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Substance misuse teaching: a patient safety issue

Research output: Contribution to journalArticle

Mary Thornton, Lucy Harborow, Emmert Roberts, Nicola J. Kalk, Mike Kelleher

Original languageEnglish
Pages (from-to)S190-S191
JournalBJPsych Open
Issue numberS1
Early online date18 Jun 2021
E-pub ahead of print18 Jun 2021
PublishedJun 2021

King's Authors


Clinical substance misuse presentations are commonly managed by Psychiatry Core Trainees (CTs) out of hours. However, specialist teaching is not included in the Maudsley Training Program (MTP) induction. We aimed to investigate whether this was of clinical concern and, if so identify interventions to address it.

The association of substance misuse disorder and mental illness is widely recognised. The Adult Psychiatric Morbidity Survey 2014 reported that half of people dependent on drugs other than cannabis were receiving mental health treatment. Substance use substantially impacts clinical risk; 57% of patient suicides in 2017 had a history of substance misuse. It also effects emergency psychiatric services: 55-80% of patients detained under S136 are intoxicated. Therefore, it is imperative for patient safety that CTs can assess and manage these patients appropriately.

The Royal College of Psychiatrists recognises the need for specialist substance misuse knowledge and skills, and lists this as a key ‘Intended Learning Outcome’ for CTs. Unfortunately, the availability of specialist drug and alcohol service placements for CTs has significantly declined. Only one placement is available per MTP rotation. Teaching is therefore relied upon to gain these competencies.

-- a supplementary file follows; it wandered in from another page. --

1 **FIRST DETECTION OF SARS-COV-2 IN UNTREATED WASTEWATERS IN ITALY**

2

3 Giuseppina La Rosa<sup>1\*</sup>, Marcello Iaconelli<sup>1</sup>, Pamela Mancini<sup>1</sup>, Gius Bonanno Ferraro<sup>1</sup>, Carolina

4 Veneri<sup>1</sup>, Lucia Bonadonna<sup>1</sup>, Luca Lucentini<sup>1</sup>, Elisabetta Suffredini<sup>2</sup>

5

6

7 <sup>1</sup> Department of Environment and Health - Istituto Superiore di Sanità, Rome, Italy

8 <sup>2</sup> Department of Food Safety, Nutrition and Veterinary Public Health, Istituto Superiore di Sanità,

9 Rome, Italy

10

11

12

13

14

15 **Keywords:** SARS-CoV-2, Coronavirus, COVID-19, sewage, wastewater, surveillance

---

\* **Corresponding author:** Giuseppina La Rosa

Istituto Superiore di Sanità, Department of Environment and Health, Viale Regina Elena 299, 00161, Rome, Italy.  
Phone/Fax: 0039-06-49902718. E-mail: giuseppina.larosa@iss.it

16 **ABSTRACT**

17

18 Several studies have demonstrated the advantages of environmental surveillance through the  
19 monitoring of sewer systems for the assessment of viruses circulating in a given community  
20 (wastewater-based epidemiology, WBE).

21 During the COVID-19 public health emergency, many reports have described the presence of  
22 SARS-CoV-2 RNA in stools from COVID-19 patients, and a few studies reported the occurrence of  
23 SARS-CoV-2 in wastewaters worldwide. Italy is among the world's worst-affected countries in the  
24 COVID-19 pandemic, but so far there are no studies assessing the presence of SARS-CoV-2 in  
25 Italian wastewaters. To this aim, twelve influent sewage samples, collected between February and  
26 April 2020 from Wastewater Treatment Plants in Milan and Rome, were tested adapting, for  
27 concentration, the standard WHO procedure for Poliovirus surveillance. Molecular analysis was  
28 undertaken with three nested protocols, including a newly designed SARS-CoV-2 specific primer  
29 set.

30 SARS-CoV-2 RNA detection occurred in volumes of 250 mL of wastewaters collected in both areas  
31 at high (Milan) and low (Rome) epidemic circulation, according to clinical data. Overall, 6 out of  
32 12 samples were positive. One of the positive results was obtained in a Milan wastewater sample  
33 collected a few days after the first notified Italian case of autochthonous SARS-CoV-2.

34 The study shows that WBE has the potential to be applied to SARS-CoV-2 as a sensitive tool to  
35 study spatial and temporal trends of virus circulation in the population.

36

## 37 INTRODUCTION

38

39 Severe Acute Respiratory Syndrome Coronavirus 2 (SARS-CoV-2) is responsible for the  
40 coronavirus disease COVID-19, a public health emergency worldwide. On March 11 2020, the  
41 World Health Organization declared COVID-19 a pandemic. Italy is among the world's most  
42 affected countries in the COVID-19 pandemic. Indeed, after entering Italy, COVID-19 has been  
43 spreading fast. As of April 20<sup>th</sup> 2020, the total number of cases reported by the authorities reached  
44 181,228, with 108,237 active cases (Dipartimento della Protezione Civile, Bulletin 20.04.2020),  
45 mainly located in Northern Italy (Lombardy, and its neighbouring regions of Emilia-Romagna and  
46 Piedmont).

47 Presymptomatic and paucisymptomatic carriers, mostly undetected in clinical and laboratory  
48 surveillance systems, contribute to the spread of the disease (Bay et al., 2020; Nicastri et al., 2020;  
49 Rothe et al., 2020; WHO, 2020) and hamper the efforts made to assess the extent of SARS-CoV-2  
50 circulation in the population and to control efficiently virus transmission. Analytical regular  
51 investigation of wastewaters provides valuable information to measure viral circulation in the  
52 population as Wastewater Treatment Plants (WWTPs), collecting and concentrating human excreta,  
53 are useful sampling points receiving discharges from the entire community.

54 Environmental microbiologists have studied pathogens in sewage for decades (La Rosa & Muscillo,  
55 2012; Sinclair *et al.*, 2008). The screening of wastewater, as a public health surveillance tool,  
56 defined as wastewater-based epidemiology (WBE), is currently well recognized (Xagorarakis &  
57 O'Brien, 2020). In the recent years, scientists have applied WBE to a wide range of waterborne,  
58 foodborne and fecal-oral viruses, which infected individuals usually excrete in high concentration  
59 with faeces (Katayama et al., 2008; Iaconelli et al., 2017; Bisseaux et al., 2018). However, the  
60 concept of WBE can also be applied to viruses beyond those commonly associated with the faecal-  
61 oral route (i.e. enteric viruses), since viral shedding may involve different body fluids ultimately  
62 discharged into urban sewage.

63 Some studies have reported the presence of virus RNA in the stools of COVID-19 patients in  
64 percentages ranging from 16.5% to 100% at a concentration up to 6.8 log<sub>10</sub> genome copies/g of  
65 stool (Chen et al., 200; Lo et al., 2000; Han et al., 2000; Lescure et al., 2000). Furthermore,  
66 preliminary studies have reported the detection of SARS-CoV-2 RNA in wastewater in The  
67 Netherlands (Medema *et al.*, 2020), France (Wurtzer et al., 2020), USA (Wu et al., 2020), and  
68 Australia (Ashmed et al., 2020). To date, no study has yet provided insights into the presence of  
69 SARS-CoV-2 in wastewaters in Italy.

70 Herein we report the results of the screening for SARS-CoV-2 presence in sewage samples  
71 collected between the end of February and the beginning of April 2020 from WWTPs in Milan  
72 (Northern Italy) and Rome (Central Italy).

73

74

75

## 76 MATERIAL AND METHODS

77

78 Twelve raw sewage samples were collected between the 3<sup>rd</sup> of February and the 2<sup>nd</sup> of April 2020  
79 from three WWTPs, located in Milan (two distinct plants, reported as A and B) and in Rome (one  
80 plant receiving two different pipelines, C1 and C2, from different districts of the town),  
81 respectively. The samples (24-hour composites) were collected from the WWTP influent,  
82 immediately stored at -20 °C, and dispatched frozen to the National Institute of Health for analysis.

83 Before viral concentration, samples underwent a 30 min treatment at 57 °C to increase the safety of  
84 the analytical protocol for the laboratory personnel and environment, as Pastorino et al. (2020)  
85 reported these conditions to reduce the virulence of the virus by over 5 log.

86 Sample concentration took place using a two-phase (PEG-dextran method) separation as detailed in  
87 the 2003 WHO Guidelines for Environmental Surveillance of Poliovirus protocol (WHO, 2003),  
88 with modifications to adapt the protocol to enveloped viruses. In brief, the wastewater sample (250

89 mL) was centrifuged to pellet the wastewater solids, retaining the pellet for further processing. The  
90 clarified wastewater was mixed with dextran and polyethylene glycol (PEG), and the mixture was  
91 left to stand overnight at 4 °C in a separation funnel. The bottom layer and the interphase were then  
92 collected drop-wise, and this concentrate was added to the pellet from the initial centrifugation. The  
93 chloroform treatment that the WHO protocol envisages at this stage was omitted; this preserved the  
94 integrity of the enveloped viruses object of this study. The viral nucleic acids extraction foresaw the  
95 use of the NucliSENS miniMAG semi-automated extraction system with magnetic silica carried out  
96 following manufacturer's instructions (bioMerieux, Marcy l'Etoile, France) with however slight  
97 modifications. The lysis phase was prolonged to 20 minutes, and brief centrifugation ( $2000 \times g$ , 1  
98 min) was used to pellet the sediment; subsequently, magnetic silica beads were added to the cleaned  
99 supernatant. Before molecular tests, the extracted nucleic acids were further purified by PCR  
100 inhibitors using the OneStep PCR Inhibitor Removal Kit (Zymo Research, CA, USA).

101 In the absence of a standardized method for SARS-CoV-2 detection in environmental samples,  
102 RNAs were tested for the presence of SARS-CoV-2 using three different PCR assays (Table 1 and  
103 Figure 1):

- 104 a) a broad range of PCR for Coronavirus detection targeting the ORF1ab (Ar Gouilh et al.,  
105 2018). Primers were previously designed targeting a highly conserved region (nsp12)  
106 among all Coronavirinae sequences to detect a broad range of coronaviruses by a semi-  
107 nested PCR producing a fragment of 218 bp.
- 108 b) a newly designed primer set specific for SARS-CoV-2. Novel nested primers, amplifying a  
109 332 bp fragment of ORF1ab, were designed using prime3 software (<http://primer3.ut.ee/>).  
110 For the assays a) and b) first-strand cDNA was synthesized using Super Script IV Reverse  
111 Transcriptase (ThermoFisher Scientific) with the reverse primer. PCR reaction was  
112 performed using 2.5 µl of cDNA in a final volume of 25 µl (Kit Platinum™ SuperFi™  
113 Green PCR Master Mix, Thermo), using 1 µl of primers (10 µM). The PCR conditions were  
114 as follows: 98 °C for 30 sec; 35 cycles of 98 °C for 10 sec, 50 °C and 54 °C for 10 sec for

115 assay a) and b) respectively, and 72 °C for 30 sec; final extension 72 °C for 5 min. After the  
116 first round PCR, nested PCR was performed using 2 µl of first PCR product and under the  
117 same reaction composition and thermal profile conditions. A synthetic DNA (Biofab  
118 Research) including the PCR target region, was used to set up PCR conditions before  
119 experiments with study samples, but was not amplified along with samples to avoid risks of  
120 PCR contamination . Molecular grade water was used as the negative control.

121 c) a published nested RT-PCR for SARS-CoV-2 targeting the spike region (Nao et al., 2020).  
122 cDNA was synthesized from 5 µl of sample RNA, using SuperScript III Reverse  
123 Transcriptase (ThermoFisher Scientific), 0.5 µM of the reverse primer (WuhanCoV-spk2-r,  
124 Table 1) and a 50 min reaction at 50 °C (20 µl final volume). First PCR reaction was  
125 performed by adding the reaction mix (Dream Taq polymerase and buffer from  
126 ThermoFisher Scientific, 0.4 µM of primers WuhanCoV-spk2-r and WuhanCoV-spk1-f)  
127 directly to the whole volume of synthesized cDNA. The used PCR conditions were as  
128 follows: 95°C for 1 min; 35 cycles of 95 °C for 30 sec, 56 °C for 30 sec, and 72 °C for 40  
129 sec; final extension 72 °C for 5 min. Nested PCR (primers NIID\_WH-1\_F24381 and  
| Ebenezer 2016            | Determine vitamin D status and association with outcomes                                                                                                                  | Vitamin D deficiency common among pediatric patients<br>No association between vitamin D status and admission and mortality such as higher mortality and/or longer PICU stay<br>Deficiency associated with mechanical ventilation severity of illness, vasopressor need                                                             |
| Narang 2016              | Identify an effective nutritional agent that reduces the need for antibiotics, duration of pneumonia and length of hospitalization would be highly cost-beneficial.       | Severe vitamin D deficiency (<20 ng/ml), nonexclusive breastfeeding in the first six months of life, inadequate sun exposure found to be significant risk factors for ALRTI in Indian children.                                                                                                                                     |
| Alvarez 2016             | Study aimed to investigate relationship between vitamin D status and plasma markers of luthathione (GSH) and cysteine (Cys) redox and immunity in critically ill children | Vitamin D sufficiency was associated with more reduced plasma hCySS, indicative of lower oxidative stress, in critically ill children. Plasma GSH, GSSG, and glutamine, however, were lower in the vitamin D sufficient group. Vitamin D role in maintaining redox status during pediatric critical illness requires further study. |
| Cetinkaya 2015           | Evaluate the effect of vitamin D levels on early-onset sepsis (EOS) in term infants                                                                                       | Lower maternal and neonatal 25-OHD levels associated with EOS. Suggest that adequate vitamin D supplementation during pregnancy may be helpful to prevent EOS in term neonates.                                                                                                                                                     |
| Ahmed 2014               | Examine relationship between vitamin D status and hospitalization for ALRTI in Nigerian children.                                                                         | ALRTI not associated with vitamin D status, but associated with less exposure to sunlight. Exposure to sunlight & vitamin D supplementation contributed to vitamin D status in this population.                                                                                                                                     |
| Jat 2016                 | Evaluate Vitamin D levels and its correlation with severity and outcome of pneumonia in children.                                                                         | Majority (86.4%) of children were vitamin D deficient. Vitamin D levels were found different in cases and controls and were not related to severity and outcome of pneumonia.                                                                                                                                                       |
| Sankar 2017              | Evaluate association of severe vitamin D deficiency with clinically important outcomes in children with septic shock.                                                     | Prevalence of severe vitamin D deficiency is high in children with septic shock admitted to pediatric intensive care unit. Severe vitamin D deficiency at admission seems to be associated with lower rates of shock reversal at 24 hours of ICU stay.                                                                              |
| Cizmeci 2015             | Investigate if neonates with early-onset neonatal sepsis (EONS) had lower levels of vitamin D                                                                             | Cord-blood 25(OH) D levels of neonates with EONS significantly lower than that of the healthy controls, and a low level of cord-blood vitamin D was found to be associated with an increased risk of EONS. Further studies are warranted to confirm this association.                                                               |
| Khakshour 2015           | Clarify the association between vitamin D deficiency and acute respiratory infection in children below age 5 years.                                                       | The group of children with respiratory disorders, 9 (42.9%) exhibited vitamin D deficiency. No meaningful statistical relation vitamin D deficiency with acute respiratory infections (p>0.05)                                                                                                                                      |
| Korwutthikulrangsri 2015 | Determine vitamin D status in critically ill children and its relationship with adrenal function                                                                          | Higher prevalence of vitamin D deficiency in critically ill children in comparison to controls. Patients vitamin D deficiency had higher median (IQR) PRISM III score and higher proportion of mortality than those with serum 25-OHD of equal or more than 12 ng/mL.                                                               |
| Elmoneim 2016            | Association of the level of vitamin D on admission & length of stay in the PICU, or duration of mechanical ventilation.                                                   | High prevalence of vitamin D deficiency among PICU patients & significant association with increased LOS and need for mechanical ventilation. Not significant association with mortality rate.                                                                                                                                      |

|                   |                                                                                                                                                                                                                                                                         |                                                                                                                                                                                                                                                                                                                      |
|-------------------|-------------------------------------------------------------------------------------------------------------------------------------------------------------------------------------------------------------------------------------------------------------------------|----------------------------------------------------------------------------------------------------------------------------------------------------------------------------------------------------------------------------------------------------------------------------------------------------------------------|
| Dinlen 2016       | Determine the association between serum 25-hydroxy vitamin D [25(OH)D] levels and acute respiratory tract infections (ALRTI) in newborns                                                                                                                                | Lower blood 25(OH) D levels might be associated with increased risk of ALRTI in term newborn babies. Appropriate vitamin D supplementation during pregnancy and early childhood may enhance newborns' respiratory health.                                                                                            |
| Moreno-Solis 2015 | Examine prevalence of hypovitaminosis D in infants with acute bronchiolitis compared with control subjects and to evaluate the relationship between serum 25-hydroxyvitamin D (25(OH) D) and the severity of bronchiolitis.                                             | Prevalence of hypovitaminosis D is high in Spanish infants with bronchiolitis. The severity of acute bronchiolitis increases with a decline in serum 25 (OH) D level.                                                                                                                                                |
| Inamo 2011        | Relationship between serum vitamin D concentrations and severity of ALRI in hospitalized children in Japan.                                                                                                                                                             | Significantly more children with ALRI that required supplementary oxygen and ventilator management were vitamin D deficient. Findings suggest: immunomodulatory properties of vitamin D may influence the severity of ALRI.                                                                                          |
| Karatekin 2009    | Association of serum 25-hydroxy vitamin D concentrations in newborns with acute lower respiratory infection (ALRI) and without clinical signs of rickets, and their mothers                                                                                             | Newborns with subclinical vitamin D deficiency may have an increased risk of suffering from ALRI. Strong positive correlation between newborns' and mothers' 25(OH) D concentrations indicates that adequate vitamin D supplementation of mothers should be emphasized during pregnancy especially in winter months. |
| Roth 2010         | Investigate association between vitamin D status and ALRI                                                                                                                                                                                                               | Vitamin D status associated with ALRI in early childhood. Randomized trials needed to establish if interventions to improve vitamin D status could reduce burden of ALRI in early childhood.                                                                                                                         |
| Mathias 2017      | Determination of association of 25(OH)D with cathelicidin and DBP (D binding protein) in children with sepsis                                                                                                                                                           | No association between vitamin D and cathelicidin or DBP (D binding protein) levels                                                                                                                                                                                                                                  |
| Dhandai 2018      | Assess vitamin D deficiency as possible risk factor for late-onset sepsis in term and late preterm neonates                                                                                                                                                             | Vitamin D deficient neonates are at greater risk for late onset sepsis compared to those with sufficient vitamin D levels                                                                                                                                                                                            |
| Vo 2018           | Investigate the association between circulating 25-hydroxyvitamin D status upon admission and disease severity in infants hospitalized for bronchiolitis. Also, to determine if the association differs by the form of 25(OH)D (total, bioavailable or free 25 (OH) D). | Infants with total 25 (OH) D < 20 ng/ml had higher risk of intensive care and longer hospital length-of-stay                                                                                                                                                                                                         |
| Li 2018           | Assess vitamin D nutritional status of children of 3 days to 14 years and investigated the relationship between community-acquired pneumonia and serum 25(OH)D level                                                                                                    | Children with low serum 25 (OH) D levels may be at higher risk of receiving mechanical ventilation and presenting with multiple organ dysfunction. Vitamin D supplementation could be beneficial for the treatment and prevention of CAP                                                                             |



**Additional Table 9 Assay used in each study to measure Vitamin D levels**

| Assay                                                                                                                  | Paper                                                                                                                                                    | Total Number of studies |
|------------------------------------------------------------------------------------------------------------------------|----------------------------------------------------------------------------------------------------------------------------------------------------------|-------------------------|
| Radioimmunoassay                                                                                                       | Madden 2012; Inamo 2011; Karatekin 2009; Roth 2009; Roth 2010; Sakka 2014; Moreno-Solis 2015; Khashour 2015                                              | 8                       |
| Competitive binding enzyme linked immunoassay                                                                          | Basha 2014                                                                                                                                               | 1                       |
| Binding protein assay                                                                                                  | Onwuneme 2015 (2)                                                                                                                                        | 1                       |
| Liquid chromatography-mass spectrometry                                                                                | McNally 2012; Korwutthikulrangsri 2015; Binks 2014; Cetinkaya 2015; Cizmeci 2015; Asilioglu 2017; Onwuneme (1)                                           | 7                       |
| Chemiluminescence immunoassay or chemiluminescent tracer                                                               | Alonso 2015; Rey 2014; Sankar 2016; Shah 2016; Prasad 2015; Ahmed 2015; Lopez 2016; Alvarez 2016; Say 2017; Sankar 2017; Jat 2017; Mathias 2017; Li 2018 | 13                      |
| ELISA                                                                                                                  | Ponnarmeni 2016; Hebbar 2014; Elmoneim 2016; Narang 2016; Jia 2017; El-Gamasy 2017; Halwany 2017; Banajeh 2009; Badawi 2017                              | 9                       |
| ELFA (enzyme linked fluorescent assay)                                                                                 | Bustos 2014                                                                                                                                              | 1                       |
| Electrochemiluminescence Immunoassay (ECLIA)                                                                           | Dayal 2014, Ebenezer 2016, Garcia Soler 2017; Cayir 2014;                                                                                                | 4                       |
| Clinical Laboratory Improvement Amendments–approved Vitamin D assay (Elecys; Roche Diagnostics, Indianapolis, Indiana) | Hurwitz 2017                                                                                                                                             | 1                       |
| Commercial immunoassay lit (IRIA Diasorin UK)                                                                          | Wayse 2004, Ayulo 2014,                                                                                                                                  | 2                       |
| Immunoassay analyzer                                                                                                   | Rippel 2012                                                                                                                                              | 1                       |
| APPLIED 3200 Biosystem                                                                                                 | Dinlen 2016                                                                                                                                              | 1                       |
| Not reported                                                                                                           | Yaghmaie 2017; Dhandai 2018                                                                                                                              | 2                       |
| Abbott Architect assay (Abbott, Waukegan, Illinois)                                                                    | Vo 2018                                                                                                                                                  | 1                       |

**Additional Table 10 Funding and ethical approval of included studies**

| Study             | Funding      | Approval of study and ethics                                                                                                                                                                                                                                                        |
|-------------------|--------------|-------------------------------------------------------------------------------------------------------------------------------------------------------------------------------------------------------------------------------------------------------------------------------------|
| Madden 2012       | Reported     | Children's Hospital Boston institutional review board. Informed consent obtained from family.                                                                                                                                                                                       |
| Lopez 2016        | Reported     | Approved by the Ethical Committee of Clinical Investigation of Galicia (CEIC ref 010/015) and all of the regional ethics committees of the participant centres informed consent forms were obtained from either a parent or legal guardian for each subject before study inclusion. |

Using a cross-sectional survey we explored CTs confidence in recognising and managing substance misuse presentations, knowledge of where to seek guidance and asked for teaching suggestions. We surveyed two CT1 cohorts in 2017 and 2019.

Fifty-one CTs took the survey. Of these 92% did not feel prepared to manage acute substance intoxication or withdrawal and 96% would like relevant teaching at the start of CT1. Furthermore, 67% did not know where they could seek guidance.

CTs felt confident at recognising and managing alcohol related presentations. However, they were less confident in recognising opioid withdrawal, how to safely prescribe opioid substitution therapy (OST), and the usual doses of OST (65%, 94%, 94% rated ‘neither confident nor not confident’ or below, respectively). CTs were not confident at recognising GBL and cannabinoid withdrawal, principles of harm minimisation, assessing readiness to change, delivering Brief Interventions and teaching patients to use Naloxone.

The results were exceptionally similar between cohorts, demonstrating reliability of our findings and that CTs lack of substance misuse knowledge is a significant clinical concern.

To address this deficit of knowledge, we are writing an introductory lecture with supporting guidance in the induction pack, developing an online video resource, and moving key substance misuse lectures to earlier in the MTP taught programme.

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